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RKSS, Simon Jaquemet, Nina Kiri Feature at Ever More Prominent Cannes Frontieres Platform (EXCLUSIVE)

We Are Zombies
Courtesy of Kinology

Swiss auteur Simon Jaquemet’s “Electric Child” joins Ukrainian sci-fi comedy “U Are the Universe,” and “We Are Zombies,” from heavily rated Canadian trio RKSS, as three potential highlights at this year’s Cannes Marché du Film’s Frontières Platform, organized with the Fantasia Film Festival. 

Focusing on genre, the Frontières showcase is emerging as one of the Marché du Film’s biggest market plays, supercharged by this year’s milestone Oscar triumph of “Everything Everywhere All at Once,”  smart genre’s popularity among an emerging generation of filmmakers and its rising tide as one of the most resilient of independent movie market propositions.  

For RKSS, it’s a return, having had great success with their previous “Turbo Kid,” which went on to Sundance, and won a bunch including at SXSW and Fright Fest. 

“U Are the Universe,” deserves a special mention, given the sheer challenge of completing a project under the pressures of the military action taking place in Ukraine.

Frontieres’ second section, its Proof of Concept project showcase, features “Quest of the Gods,” which even at this early stage looks a hugely ambitious film visually, plus – a rarity among genre – the animated feature “Pesta.” “The Handmaid Tale’s” star Nina Kiri is attached to star in “Absolution,” another notable swing in Proof of Concept.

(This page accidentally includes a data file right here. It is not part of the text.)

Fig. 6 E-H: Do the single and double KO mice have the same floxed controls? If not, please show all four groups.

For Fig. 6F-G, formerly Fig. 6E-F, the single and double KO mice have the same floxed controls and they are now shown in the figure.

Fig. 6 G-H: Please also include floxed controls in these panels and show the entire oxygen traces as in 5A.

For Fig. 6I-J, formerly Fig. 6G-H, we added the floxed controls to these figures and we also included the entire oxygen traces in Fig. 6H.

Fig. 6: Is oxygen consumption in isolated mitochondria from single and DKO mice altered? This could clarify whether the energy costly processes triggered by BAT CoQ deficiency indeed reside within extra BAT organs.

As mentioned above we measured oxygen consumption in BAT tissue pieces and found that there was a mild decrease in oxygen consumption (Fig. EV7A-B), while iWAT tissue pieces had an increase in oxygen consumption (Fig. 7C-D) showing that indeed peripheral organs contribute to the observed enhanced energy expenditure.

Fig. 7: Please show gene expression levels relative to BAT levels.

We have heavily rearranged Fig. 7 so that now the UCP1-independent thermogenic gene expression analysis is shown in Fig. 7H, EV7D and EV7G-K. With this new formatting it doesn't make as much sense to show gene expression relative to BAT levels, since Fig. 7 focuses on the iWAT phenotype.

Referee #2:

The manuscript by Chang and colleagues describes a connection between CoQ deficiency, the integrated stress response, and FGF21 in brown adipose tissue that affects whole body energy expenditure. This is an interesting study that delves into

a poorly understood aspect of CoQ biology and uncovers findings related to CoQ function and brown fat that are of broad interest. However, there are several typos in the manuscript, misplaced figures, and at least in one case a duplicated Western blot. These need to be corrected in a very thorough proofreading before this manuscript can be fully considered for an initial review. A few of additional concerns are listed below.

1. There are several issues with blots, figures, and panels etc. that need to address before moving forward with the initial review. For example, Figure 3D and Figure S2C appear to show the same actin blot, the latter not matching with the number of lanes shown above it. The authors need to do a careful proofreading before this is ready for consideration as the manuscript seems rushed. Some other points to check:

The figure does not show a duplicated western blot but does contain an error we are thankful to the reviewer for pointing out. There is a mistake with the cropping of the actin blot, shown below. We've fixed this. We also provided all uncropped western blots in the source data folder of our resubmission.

These potential standouts join a total of 16 titles showcased this year. There is a notably strong sci-fi contingent among psychological horror, and more classic genre. “Science fiction is just something that fascinates because it’s open. You can really do whatever you want, create worlds that don’t exist because no one knows what’s out there,” argued Annick Mahnert, Frontières executive director.

Another notable trend is a diversification in countries of origin, this year’s selection including titles from Ukraine and Serbia, Bosnia & Herzogovina and Montenegro, Mahnert told Variety. “I’m so glad to see these countries starting to submit to us because we didn’t have so many projects coming from the Eastern European territories in the past. So something’s happening and we just love to support projects in new regions.” 

This global shift underscores the universal appeal of science fiction and genre and its ability to connect with audiences everywhere.

Directors’ ambitions are also growing. One case in point is Jaquemet, known for arthouse plays “War” and “The Innocent;” who is making a bold transition into full-fledged science fiction. Filmmakers like Jaquemet, Ostrikov and Graham Hughes – with his multi-verse entry “Hostile Dimensions” –  are pushing the classic bounds of genre, and crafting thought-provoking narratives that challenge our understanding of the human experience while delivering the excitement and spectacle that genre demands.